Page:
You’re disturbing our Minecraft
Do you have a game better than Minecraft?

Unfortunately, we never got a picture of it, but the girls also commandeered the walk-in closet in the master bedroom and turned it into a fort. They would sit in there for long periods, Elena drawing, and Amelia reading Harry Potter.

Except when they were in the pool.

How we spent our afternoons
Take the picture quickly, we need to get in.
Look out below! (the perspective is wrong – Elena is not jumping on Amelia)

Maybe my favorite part of the whole trip was the family dinners at the outside table. As the sun was setting, we’d prepare meals in one or both kitchens, and carry them down the stairs. Then we’d sit 15′ from the ocean and 5′ from the pool, eat and visit.

Shelly and Kevin at dinner

A couple of nights, we brought in restaurant food, but mostly we just cooked simple meals. Pretty soon, Amelia and Elena would get bored with the grown-ups and retreat to the lounge chairs next to the pool. So they were content and we were content to enjoy the evening and watch the sunset.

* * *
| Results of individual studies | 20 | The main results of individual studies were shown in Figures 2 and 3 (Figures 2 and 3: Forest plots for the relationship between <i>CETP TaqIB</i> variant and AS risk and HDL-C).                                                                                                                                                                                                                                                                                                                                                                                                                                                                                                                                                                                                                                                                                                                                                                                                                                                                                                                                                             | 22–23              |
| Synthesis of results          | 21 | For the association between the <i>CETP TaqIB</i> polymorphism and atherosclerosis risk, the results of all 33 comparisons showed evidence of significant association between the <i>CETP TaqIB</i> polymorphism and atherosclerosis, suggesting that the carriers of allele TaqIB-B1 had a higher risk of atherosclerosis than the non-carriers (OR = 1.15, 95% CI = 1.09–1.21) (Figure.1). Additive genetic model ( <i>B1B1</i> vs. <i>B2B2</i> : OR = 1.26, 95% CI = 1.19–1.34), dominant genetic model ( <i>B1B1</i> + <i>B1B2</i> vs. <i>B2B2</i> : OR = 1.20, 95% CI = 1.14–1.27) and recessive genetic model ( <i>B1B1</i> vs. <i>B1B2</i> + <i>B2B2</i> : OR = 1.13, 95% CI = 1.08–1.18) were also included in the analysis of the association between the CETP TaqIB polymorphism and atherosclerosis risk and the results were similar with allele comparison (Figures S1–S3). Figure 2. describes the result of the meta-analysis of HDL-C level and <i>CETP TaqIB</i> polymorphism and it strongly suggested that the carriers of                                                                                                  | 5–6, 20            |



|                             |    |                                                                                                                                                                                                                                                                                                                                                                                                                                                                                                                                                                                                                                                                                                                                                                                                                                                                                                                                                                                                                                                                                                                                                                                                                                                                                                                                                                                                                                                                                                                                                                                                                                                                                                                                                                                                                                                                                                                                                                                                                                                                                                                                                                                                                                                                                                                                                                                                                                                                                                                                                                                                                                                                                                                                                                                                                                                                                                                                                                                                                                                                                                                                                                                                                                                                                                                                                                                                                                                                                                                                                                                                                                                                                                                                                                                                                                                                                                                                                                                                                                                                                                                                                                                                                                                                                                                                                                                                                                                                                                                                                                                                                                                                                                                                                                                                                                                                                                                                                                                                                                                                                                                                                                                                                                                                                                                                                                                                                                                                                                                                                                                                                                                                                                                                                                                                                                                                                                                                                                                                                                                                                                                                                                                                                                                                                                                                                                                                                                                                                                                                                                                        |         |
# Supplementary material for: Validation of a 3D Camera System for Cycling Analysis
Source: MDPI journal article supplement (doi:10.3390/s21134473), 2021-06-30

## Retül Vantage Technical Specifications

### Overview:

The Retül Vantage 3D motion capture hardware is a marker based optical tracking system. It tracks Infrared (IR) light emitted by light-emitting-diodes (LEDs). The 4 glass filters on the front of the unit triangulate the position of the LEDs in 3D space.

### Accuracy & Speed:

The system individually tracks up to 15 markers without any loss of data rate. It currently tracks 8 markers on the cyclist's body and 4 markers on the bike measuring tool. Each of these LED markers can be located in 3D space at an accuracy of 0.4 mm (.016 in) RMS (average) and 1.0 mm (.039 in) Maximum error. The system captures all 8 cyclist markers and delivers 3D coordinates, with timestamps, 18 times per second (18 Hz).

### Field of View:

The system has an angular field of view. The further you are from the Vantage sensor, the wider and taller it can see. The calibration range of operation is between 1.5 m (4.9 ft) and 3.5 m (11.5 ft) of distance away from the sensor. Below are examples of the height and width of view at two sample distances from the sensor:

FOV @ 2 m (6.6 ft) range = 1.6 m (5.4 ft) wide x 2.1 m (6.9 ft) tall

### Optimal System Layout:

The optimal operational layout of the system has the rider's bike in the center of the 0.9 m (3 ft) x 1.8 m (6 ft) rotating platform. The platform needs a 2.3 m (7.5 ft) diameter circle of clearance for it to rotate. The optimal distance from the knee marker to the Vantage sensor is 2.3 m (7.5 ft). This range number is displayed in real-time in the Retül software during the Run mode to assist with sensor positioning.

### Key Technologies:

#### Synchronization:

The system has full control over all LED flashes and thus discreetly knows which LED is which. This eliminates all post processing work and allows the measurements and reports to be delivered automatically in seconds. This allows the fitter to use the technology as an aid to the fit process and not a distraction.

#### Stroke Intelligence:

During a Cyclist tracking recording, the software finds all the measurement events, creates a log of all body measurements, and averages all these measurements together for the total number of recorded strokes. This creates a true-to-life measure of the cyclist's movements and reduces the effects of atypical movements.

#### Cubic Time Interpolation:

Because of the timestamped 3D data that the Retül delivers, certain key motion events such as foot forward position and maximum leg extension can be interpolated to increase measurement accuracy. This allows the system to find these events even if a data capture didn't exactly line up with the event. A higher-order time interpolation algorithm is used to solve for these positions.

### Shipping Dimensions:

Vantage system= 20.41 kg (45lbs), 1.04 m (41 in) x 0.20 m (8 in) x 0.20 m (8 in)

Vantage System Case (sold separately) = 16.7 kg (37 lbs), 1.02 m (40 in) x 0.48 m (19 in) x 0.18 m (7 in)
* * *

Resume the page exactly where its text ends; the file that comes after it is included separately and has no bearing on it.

Evenings – well, they went pretty quick. It was time for the girls to get ready for bed, and most of us would settle down soon after dark and think about what was coming the next day. Which always started with coffee and…

There were a couple of women who would come out to surf and enter the water right below us, always between 6:30-7:00am. So we’d drink coffee with the big windows open and watch them head out. We could also see the surfers, a little further down the coast, catching the first waves of the day.

We finally got the group all together when Shelly and Kevin made it in from Austin. With that, there were 12 of us, and it was absolutely glorious chaos. They were on the ground floor with John, and they’d stay up half the night, then sleep in. But they were always up for whatever was going on.